Examples:
a – Game averages 1000 downloads per day over a 3 month period.
b – LED Lightbulb increases market share for our brand over others.
c – New website design increases revenue from marketing and attracts more visitors.

2 – Identify Channels to supply the measurement information.
Now that you know what you plan to measure for success, the next question is where to get this information from?
Channels of information can come in many different ways:
a – Data could be collected from social media site such as Facebook to see how many positive comments a new product gets.
b – Sales information could be tracked from online and physical stores.
c – Surveys could be performed on potential and actual customers.
d – Certain key words/phrases could be searched on in the Search Engines.

3 – Integrate and absorb the data from the Channels.
Once the source of the measurements has been identified, the next step is the actual integration of this data into your reporting system so that it can be sliced and diced to provide the measurement of success reports. Your PHD mathematician may also be needed here to weight the data accordingly so that no one channel skews the results unrealistically.

4 – Present the success data to the consumers.
Finally with all the data, reports can be designed / generated or data outputted for consumption by those who will make the determination that the goals have been achieved. At this point knowing who the consumers of the information is becomes critical as you need to present the data in a format that the consumers can understand and consume. You may need to engage UI/UX experts at this point if the presentation is using new technology so that they can help design the presentation.

Do your client’s business protocols match the current physical environment?

October 27, 2014 by · Leave a Comment
Filed under: Business Analyst Skills, Project Management, ROI 

Businesses can spend a lot of time documenting protocols for how certain events are to be handled when they occur. However, these protocols can be left to gather dust until the next event happens.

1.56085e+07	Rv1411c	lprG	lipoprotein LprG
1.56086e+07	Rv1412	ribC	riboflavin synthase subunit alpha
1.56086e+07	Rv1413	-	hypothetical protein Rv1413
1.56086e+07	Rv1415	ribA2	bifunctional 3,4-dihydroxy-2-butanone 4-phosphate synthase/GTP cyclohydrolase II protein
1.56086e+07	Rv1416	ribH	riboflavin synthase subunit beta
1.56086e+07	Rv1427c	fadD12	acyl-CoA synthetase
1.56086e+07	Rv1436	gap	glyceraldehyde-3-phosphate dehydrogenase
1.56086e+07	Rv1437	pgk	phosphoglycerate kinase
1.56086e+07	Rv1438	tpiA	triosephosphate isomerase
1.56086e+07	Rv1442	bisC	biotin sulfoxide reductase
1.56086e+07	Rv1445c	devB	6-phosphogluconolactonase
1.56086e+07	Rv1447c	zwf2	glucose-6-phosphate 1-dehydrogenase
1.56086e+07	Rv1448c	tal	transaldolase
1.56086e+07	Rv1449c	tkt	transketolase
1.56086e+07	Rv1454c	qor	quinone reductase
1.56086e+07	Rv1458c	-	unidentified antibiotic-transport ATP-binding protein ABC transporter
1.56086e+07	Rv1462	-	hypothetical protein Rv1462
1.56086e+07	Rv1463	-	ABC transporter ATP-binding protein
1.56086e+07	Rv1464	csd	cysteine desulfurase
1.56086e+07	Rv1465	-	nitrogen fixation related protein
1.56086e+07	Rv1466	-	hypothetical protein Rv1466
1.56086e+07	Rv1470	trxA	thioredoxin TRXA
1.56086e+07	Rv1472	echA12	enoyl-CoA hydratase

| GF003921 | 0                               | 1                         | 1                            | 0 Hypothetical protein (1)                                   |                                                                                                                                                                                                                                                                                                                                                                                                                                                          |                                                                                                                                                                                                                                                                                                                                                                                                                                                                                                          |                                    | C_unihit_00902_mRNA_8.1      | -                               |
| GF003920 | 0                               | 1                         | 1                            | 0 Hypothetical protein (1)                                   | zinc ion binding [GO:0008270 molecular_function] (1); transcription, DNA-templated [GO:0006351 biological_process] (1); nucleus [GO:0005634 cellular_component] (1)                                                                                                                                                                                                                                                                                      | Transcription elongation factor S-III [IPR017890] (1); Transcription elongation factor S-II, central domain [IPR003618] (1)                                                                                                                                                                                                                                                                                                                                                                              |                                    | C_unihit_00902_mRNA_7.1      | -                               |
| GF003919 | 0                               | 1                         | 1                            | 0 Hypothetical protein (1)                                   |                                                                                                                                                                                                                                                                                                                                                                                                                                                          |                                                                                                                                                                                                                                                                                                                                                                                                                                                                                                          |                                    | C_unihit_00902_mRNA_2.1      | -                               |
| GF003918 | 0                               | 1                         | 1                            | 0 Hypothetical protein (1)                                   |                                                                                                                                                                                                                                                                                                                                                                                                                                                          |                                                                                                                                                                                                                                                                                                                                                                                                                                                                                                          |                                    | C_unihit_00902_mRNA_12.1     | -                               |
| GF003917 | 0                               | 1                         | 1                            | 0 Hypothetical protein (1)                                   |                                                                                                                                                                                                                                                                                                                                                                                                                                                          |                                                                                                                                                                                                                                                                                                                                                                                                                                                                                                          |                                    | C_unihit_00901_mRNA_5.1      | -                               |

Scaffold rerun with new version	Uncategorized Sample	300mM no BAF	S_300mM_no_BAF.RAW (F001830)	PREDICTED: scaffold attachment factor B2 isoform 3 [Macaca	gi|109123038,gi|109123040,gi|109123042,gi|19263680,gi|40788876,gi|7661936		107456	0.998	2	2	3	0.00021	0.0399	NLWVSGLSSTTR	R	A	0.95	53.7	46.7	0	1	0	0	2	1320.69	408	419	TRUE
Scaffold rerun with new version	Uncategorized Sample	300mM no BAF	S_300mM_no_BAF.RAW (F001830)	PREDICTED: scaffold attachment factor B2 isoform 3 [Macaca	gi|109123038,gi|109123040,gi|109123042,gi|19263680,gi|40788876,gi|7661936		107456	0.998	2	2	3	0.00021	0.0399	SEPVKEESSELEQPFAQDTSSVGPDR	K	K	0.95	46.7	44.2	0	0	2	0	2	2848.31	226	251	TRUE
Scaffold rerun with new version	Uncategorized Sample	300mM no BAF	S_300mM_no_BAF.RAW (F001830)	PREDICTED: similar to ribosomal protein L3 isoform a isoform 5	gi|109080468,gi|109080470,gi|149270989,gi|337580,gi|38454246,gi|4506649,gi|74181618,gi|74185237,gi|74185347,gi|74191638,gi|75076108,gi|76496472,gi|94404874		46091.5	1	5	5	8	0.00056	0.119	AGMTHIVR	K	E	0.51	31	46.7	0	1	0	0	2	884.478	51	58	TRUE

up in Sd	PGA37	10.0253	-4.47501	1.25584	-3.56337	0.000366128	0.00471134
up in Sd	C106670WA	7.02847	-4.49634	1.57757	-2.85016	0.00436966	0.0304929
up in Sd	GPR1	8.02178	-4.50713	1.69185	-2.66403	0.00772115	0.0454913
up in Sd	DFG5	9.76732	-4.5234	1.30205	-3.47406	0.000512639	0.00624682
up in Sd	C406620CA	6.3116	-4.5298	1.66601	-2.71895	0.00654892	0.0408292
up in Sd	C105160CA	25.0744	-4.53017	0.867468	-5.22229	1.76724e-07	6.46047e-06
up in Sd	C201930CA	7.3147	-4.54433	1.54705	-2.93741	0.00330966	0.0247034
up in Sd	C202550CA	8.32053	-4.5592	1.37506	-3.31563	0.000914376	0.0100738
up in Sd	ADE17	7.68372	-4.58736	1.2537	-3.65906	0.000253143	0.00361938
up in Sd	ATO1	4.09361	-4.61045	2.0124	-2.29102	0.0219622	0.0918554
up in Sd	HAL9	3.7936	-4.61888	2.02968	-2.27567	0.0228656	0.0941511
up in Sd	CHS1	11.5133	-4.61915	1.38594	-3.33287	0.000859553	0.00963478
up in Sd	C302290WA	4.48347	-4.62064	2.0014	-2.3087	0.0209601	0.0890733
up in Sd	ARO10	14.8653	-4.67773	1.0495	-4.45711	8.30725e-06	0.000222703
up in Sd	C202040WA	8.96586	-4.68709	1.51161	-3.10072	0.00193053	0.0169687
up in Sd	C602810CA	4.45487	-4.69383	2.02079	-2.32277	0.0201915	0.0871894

From a business point of view, the business needs to consider all protocols it currently has defined and weigh them up against priority of use – meaning that just because an event has not happened for a while does not meant that a slow response will work as gaps in protocol are uncovered due to changes in the environment. Protocols that require immediate response will be considered higher priority for review of relevancy versus those that can have a delayed response.

Examples of protocols:
1 – What to do when the stock market crashes?
2 – How to handle regulated products?
3 – Backup locations for offices if the current ones can no longer be used?
4 – Bad weather grounds plane throughout the country, how to get the planes back on schedule?

What usually gets businesses is an event that does not happen very often that has a high priority resolution required. As there is lack of practice some protocol steps may no longer be valid when the event occurs, people may not be trained in their use and the right licensing may not be in place to perform the task. Failure to respond quickly and correctly to the event can lead to significant income loss for the business involved.

Ebola case in Dallas 2014 highlighted several failures of protocol:
Lack of training / proper equipment lead to further infections.
Inability for toxic waste to be carried off site immediately because of transportation license restrictions placed on the waste which the transportation company did not have.
Limited ability for Hospitals to deal with their own sterilization as this has been outsourced in a lot of cases requiring the receiving location to be licensed to transport / handle the waste at a level they may not be used to.

As business analysts, we need to mentor our business clients through the risks of these often ignored protocols and ensure that they get the review they deserve. At the same time we need to limit the effort spent on protocols that do not have high priority resolution associated with them so that we can be good advocates of our business client’s expenses.

Moving to Agile tougher in big IT shops with Offshoring

August 14, 2014 by · Leave a Comment
Filed under: Business Analyst Skills, Project Management, ROI 

This desire or thought that Agile is quicker can put blinders on the people who suggest it.